pain

This is part 2 of a 3-part series from Dr. Bilal F. Shanti, MD, an anesthesiologist and an interventional pain physician working in Payson two days per week.

Pain is an ambivalent symptom. It is “great” in a sense because it alarms us there is an underlying issue, but it is evil because it is also annoying, and no normal human being can deal with it.

Nowadays, one of the treatment modalities is pain medication. Initially, it was thought that the more pain medication, such as morphine, is given, the better the pain control. More recently, there is data to suggest that accumulation of metabolites of morphine, or the other pain medications such as Oxycodone or Hydrocodone, can lead to hyperalgesia (increased pain sensitivity) rather than analgesia (pain control).

In today’s pain clinics, we encounter more chronic than acute pain. Chronic pain is becoming more aggressive and resistant to treatment. In part, because acute pain was not well addressed.

By the time a patient makes it to a pain specialist, they have typically tried several methods of treatment (medications, injections, therapies and yes — even surgeries). This complicates the course of pain pathology such that this pain is very difficult to manage. This “wind-up” phenomenon is, for example, typical for fibromyalgia patients and patients with “centralized” pain such as phantom limb pain and post-stroke pain. This stimulation of higher areas is devastating to the patient.

Physicians are not familiar with it and often discount the patient complaints, feel they are “just depressed” and simply prescribe anti-depressants and at the most refer patients to psychiatrists.

I remember I saw a patient several years ago. He was a military veteran and had lost his left arm due to an amputation following a war-related injury. When he came into the exam room, he twisted his body to avoid hitting his left arm, which was amputated. I asked him why he did that, he confirmed he did not want to hit his left arm. The partial explanation is that our brain sends signals to all parts of the body continuously as it should. When he had an earlier surgery to amputate his left arm, he had been placed under general anesthesia. Once he woke up, his left arm was gone. However, the brain continued to perceive it as part of the body, just like before anesthesia. Providing him with a motor nerve block prior to undergoing general anesthesia could have interrupted this “oneness” of the body. The block will let the body know the arm is no longer part of it. Once awake, the brain will still think the left arm is not there and will stop sending signals. Unfortunately, this patient did not have that course of treatment and therefore had severe phantom pain that is chronic and central in character and requires several medications and blocks just to decrease some of the chronic pain. This becomes very taxing to the patient, society, and the system.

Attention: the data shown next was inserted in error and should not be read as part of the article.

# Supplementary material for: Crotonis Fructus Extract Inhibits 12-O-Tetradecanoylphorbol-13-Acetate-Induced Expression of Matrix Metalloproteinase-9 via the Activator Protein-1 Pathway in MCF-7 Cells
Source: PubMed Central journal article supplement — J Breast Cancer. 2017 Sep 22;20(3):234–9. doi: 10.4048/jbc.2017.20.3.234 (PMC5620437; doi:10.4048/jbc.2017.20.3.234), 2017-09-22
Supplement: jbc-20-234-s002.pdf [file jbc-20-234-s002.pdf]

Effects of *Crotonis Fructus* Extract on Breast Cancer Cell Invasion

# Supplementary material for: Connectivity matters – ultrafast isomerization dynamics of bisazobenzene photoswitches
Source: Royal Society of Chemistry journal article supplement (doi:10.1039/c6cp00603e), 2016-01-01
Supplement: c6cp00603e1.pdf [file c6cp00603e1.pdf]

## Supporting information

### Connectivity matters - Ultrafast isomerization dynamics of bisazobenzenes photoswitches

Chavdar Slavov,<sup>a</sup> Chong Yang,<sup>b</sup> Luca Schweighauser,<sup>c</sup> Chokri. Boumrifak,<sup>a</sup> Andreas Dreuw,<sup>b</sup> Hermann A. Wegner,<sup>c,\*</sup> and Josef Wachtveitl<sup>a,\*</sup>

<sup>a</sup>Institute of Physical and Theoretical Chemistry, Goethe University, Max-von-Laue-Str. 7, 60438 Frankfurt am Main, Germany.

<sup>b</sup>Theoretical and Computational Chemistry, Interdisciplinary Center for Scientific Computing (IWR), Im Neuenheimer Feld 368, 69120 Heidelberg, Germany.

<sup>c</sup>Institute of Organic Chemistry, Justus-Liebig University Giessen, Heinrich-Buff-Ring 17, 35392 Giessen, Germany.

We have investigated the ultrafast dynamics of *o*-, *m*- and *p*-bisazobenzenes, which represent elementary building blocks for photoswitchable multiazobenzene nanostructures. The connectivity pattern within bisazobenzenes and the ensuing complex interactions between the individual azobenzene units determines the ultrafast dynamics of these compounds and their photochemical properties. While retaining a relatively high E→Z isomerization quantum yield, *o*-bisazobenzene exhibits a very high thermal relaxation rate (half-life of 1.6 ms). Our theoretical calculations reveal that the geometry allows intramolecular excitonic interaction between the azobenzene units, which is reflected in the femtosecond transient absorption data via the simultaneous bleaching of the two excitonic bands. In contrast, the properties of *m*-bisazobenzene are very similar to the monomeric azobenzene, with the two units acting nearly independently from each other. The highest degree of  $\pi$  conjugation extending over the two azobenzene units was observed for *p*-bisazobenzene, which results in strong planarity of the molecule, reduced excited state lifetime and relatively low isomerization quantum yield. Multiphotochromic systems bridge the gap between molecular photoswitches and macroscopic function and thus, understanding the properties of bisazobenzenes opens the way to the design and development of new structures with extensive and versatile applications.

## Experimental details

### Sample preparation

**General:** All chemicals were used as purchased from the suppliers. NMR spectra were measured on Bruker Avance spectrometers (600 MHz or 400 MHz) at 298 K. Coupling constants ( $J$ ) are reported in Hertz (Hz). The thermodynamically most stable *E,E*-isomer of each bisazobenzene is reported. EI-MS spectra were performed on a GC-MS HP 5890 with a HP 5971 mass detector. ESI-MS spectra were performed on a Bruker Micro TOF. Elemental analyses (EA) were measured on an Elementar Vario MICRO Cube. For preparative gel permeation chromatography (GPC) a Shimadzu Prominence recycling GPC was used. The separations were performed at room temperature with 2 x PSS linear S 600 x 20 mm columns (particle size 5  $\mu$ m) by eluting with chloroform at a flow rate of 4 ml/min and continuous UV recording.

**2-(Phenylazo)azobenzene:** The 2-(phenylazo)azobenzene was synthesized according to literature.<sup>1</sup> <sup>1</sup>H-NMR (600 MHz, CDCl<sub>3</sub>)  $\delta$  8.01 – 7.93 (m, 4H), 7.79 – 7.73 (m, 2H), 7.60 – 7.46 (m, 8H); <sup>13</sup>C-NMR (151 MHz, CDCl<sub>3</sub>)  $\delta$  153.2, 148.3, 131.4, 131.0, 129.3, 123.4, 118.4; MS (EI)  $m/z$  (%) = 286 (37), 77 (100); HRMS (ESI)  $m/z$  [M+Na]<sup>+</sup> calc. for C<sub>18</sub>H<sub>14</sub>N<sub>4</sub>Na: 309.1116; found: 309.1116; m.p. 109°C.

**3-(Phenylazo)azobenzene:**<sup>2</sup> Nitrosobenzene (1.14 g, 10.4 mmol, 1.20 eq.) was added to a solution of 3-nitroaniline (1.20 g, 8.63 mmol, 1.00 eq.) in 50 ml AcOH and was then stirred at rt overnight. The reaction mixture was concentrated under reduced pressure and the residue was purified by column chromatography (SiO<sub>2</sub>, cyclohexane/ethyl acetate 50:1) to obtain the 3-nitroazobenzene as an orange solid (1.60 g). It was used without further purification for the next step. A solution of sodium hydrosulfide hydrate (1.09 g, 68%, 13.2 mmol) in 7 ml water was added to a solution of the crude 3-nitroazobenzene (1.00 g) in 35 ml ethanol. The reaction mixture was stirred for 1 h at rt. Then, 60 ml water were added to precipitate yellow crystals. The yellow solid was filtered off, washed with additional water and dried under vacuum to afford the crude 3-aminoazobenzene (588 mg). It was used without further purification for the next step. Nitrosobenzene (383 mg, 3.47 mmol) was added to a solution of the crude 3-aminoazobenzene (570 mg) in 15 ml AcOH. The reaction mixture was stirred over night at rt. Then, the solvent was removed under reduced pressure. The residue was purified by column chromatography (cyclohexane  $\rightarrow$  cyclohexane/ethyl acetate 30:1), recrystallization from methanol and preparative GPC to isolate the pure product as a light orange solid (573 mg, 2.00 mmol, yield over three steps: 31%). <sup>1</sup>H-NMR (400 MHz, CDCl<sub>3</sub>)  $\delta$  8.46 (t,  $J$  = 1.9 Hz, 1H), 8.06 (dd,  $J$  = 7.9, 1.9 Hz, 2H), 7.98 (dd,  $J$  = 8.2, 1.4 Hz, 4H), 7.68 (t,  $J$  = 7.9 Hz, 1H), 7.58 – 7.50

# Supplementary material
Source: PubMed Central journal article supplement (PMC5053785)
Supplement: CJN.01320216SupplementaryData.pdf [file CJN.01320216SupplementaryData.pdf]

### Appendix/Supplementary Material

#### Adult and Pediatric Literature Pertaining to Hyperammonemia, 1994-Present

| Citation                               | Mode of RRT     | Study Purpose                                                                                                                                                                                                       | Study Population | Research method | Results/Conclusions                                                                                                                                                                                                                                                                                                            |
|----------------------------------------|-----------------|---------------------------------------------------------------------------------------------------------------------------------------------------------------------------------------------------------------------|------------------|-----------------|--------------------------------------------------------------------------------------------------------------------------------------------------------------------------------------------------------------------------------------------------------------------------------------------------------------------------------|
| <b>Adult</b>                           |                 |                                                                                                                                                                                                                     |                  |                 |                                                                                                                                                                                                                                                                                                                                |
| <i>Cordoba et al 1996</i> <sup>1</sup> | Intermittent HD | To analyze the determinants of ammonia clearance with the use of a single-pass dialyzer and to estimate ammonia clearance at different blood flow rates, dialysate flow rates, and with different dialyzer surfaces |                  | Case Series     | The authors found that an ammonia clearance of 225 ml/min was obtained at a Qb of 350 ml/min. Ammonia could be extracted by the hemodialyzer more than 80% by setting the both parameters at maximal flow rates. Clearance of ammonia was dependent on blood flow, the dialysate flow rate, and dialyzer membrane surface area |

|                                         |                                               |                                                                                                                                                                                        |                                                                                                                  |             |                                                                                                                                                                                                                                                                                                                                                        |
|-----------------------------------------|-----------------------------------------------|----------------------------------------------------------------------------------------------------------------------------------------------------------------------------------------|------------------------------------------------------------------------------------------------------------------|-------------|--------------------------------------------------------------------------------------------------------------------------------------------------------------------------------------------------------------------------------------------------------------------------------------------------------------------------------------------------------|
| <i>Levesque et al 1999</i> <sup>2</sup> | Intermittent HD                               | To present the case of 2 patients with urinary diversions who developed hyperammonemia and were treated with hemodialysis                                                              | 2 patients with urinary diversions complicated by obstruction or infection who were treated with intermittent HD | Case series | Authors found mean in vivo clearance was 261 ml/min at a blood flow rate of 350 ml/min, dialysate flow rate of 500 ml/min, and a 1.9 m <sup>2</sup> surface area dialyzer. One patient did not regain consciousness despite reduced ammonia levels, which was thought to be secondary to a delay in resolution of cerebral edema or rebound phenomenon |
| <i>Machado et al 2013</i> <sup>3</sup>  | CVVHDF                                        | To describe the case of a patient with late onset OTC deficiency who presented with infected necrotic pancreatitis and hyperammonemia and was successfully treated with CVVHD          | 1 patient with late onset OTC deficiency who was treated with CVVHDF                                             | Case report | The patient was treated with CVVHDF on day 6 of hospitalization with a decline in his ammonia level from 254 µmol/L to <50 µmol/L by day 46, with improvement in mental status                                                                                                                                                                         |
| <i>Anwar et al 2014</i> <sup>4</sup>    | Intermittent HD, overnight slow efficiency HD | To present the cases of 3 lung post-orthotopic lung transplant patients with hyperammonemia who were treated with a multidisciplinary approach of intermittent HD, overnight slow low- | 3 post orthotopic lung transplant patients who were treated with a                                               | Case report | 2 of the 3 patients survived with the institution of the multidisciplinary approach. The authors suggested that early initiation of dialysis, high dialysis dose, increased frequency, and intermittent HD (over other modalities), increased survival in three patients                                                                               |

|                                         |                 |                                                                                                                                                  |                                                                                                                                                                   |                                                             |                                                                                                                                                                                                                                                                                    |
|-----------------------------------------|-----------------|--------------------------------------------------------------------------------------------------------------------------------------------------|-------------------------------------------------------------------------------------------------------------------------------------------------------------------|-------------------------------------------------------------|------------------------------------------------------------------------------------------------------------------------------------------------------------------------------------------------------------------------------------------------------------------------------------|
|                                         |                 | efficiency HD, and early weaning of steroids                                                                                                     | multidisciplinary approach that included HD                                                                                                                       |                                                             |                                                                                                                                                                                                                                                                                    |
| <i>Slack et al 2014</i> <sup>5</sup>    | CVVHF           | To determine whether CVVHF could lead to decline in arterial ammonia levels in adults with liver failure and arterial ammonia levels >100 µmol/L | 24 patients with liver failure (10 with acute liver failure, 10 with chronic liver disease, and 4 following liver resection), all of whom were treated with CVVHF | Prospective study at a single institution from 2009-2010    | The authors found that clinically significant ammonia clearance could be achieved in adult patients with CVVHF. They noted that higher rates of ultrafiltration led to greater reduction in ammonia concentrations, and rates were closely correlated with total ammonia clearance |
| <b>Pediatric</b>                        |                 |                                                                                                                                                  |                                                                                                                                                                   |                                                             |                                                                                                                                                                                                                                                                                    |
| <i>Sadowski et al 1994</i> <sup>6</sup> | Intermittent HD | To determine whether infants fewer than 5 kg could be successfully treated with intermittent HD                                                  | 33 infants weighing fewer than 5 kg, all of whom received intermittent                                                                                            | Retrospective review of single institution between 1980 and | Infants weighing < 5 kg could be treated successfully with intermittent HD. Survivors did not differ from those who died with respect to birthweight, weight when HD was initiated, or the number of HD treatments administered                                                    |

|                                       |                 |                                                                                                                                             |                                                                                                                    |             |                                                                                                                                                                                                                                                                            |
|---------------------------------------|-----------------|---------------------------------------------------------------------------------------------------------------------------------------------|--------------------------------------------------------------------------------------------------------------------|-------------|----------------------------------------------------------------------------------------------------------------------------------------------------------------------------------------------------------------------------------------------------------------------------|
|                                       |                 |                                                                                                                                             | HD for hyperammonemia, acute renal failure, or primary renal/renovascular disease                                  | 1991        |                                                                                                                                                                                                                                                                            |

It is best to refer these complicated cases to pain specialists early on. It is imperative to treat acute pain aggressively before it becomes chronic and agonizing.

For a list of conditions treated and procedures performed, view Dr. Shanti’s website at https://pain-arizona.com/.

Dr. Shanti is currently seeing patients two days a week at 127 E. Main St., Payson. Call 928-783-3445 to schedule an appointment.

Contact the reporter 

tmcquerrey@payson.com

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